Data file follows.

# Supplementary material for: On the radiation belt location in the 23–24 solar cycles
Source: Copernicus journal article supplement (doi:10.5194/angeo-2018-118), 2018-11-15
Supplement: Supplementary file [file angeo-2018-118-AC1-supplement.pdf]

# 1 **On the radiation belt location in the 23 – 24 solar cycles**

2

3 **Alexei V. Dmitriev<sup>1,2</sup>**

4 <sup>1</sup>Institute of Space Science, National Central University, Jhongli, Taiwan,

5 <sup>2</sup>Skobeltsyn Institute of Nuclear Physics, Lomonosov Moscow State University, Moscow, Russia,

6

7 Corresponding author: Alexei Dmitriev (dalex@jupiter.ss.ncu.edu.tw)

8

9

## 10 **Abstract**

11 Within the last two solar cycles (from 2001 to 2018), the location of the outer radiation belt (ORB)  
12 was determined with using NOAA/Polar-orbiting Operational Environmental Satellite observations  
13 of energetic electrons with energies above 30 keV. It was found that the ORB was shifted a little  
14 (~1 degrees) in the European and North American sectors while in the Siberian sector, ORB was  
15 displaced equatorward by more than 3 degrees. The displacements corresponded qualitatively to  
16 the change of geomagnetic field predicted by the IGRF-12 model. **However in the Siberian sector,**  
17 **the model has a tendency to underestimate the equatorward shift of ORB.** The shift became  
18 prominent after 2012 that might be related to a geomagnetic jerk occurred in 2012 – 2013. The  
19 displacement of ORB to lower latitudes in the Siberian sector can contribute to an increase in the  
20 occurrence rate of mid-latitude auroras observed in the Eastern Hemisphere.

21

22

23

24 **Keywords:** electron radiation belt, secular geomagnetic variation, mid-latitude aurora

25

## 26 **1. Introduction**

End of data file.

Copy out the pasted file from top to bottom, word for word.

# Supplementary material for: On the radiation belt location in the 23–24 solar cycles
Source: Copernicus journal article supplement (doi:10.5194/angeo-2018-118), 2018-11-15
Supplement: Supplementary file [file angeo-2018-118-AC1-supplement.pdf]

# 1 **On the radiation belt location in the 23 – 24 solar cycles**

2

3 **Alexei V. Dmitriev<sup>1,2</sup>**

4 <sup>1</sup>Institute of Space Science, National Central University, Jhongli, Taiwan,

5 <sup>2</sup>Skobeltsyn Institute of Nuclear Physics, Lomonosov Moscow State University, Moscow, Russia,

6

7 Corresponding author: Alexei Dmitriev (dalex@jupiter.ss.ncu.edu.tw)

8

9

## 10 **Abstract**

11 Within the last two solar cycles (from 2001 to 2018), the location of the outer radiation belt (ORB)  
12 was determined with using NOAA/Polar-orbiting Operational Environmental Satellite observations  
13 of energetic electrons with energies above 30 keV. It was found that the ORB was shifted a little  
14 (~1 degrees) in the European and North American sectors while in the Siberian sector, ORB was  
15 displaced equatorward by more than 3 degrees. The displacements corresponded qualitatively to  
16 the change of geomagnetic field predicted by the IGRF-12 model. **However in the Siberian sector,**  
17 **the model has a tendency to underestimate the equatorward shift of ORB.** The shift became  
18 prominent after 2012 that might be related to a geomagnetic jerk occurred in 2012 – 2013. The  
19 displacement of ORB to lower latitudes in the Siberian sector can contribute to an increase in the  
20 occurrence rate of mid-latitude auroras observed in the Eastern Hemisphere.

21

22

23

24 **Keywords:** electron radiation belt, secular geomagnetic variation, mid-latitude aurora

25

## 26 **1. Introduction**